TK | Well, first of all I’m only beginning right now to realize what the average gay short might be, with Cowboy going to lots of LGBT film festivals and the opportunity that’s given me to see so many short films. Despite being gay and not having any hang ups about it, I never felt very close either to a gay lifestyle or to gay culture, whatever they might be. I’m a bit suspicious of a community that defines itself through sexual orientation alone. I am aware that there are experiences, like teenage confusion over coming out, or being passed over by a straight guy, which I share with most other gays. But that doesn’t necessarily mean we have much common ground beyond that. For example, I hate the superficiality with which gays are presented by the media, the whole focus on things like partying and fashion and grooming and interior design and all the other Queer Eye for the Straight Guy topics. What does that have to do with being gay? But most media, straight or gay, seem more than happy reproducing that image. I feel left out.
I didn’t set out to make a queer film. In terms of genre labelling, I think of Cowboy as an erotic folk-tale horror film with gay protagonists. But that can be misleading, too, as there is not much obvious horror going on for most of its running time. It is a horror film in disguise, sneaking up on its protagonist and the viewer. Luring him into believing he has it all figured out, giving him the chance to fulfil his hidden needs, only to pull the rug from beneath his feet in the end, confronting him with the price the community—that antagonistic force that has been lurking all the time just outside of our area of perception—has him and the boy pay for following their instincts.
The film is the most fun with an audience which is neither gay nor horror-savvy: they have their initial perception of the characters and the story turned round 180 degrees twice in only thirty minutes. I wanted to achieve a deep sense of liberation, of discovering your true nature, escaping the hands of the community, smashing the boundaries of perception and genre, and then being free to live as you like.
RP | The men’s bodies in Cowboy are branded very literally by the physical and social context. Is the male body in German cinema similarly marked by political history?
TK | Right now I’d say I’d be happy if something like the male body actually existed in contemporary German cinema. German films at the moment don’t seem to be very physical to begin with. I think the literal connection of psychological or societal conflict with an actual physical challenge (for example, in the form of a combine harvester at someone’s heels) is generally deemed too simplistic, too over the top. You won’t find many fights, chases, physical injuries, matters of life and death, or even kissing or sex scenes in contemporary German cinema. The dogma of realistic storytelling forbids that. The repression of certain instincts in the reality of middle-class society must be reflected in an equally repressed storytelling. The chance to use film metaphorically, as a means to express internal conflict physically, isn’t used very often. But there are a few great German films, in which societal and personal pressure result in very physical demonstrations of affection – like Fatih Akin’s Gegen die Wand (2004) or Valeska Grisebach’s Sehnsucht (2006).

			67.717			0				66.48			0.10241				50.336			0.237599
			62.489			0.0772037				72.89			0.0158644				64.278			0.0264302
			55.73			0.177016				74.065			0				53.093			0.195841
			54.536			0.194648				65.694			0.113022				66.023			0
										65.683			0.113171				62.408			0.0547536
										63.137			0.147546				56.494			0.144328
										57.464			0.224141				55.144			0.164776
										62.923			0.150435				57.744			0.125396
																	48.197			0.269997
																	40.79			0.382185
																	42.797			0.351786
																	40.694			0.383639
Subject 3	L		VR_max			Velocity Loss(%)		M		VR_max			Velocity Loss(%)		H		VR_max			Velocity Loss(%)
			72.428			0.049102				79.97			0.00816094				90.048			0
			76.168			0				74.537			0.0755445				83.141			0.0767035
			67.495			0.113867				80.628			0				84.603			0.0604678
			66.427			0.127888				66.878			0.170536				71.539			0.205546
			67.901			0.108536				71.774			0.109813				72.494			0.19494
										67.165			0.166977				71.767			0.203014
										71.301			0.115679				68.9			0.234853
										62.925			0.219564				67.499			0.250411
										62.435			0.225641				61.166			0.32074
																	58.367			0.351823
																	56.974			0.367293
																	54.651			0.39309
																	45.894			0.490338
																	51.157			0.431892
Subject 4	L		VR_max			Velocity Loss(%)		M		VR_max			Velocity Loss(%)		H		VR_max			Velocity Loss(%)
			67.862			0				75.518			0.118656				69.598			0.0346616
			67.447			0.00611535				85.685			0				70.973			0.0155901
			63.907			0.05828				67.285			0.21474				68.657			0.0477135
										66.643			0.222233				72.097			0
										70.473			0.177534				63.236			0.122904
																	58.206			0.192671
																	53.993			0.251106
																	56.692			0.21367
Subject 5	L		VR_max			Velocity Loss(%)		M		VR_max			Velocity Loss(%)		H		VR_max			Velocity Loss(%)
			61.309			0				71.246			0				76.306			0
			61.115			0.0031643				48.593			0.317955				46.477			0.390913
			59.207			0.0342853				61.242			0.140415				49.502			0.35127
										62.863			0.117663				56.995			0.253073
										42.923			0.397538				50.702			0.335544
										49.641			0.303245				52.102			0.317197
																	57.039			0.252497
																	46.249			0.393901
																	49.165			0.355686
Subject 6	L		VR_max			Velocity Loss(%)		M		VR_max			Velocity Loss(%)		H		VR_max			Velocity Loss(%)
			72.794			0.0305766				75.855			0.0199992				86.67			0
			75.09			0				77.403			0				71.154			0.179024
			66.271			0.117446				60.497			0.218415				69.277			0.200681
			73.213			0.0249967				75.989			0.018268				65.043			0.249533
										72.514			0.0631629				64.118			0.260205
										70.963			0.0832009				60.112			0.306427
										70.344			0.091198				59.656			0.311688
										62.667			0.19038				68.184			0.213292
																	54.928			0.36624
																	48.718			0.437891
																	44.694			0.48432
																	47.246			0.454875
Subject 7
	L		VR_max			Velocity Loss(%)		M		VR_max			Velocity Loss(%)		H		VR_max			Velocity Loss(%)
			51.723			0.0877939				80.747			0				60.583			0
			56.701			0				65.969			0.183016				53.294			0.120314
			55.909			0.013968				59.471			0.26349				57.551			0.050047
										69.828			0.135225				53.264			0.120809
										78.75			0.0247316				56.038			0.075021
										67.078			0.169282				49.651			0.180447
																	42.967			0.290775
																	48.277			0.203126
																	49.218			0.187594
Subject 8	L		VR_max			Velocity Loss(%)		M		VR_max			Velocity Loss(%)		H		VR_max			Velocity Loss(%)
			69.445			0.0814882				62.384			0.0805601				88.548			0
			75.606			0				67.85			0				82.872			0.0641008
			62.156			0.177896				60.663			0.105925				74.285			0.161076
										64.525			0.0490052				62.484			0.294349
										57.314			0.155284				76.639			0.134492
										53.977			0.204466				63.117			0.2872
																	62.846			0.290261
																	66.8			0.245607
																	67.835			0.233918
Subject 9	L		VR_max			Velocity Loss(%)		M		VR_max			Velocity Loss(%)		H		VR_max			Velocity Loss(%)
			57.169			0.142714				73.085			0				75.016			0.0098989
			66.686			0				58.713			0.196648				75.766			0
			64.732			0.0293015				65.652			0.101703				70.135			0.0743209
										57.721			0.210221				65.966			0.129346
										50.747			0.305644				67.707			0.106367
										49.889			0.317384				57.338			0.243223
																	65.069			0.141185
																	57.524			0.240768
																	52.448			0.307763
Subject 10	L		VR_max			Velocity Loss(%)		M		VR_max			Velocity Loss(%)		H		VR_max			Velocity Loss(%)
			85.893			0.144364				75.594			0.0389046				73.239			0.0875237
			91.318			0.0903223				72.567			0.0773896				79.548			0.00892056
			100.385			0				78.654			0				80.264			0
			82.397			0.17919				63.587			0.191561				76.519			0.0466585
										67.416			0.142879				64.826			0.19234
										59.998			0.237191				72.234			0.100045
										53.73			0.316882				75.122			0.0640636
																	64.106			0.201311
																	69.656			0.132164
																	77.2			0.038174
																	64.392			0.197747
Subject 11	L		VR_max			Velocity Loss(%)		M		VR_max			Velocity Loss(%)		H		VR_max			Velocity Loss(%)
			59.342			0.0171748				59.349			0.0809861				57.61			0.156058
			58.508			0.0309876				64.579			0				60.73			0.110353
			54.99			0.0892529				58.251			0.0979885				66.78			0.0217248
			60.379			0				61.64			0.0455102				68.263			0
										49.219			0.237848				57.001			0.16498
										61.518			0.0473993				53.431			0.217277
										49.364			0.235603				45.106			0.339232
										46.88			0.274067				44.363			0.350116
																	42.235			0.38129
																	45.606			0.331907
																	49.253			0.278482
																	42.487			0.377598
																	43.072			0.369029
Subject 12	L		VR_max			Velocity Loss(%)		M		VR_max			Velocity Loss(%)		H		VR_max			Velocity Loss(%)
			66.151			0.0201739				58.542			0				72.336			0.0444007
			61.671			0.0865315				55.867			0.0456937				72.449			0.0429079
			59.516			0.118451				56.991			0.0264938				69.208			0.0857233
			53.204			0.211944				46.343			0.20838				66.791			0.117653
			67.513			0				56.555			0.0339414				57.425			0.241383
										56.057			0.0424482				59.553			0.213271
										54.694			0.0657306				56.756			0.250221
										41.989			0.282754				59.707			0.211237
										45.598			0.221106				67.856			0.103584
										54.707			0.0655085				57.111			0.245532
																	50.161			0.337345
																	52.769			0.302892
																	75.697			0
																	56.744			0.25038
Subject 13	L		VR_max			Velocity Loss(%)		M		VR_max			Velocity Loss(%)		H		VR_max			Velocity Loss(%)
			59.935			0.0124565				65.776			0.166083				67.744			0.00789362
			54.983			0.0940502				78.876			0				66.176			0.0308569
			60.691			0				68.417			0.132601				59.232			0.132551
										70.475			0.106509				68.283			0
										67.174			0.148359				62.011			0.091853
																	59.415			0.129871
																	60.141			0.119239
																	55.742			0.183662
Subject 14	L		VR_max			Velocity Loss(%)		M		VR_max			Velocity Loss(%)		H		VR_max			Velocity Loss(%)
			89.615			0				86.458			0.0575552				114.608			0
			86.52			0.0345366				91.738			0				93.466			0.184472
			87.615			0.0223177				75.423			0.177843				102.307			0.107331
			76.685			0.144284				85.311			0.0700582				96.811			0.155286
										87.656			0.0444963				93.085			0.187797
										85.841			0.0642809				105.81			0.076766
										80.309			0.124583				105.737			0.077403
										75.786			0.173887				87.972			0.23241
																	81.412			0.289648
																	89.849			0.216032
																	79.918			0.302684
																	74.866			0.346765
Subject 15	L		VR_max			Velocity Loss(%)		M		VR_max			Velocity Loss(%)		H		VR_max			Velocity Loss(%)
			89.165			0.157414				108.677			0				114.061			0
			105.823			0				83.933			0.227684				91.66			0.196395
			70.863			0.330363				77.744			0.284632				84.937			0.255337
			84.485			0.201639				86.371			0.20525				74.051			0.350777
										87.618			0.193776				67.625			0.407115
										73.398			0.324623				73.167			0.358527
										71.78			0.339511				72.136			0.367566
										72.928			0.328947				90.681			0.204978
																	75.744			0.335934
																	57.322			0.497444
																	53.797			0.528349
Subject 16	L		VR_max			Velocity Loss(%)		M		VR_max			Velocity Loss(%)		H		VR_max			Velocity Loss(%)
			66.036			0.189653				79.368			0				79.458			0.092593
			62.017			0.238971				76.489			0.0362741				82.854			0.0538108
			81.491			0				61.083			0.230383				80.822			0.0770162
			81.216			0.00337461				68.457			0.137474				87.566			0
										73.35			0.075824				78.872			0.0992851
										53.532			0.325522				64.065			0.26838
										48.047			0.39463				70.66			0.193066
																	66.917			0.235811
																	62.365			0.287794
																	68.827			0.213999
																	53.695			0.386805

RP | Do Cowboy and Christian live happily ever after? Where does that road lead?
TK | It is definitely a happy ending, and a well-deserved one, I’d say. But I’m not quite sure whether it means that those two will stay together in the future. Basically I think they gave each other what they needed to escape from their respective prisons, and now they are free to move wherever the road leads them. It could be the beginning of something, but their whole relationship would have to be reinvented from scratch. They are different men now, and maybe they don’t need each other that much any more. I think the point I was trying to make was that it took one hell of a struggle and a brutally violent act of liberation for them to be able to sit together in the car at the end. And because they fought so hard, with each other, within themselves, with the community, it is a very precious moment.
There is some mischievous irony at the end as well. Although Christian, just like the audience, will need some time to let events sink in —to make up his mind about the horrible string of events and the boy/monster sitting next to him—’Dreckiger Junger Mann’ (‘Dirty Young Man’), the song playing on the radio as they drive away, creates all of a sudden a euphoric, lawless, us-against-the-world-feeling, very unapologetic. The music—an eighties-style wave-rock anthem—goes beyond taste and beyond reason. Yet as a viewer you cannot resist its driving force, and will eventually give up reasoning and embrace the feeling of liberation.
RP | What would you list as your main influences?
TK | The initial inspiration for Cowboy came when I found a deer cut in half in a freshly harvested field. The sound of a combine harvester’s engine in the distance was the clue to what had happened. It was a grey, gloomy day and everything felt subdued and still, as if packaged in cotton. Asking what story could be behind this sort of image is my starting point. What kind of film does it belong to? As I’m writing the screenplay, I usually find out what that first image is all about, even if it doesn’t actually turn up in the film.
My favourite author is H. P. Lovecraft: remote landscapes, abandoned cities, a strong sense of decay, nightmares, desolation. Something old, sleeping below the surface, or gazing at us out of the cold, empty space above. But whereas in Lovecraft’s work—reactionary xenophobe that he was—the only possible outcome of close contact with those forces from the outside is defeat and madness, I come to more positive conclusions.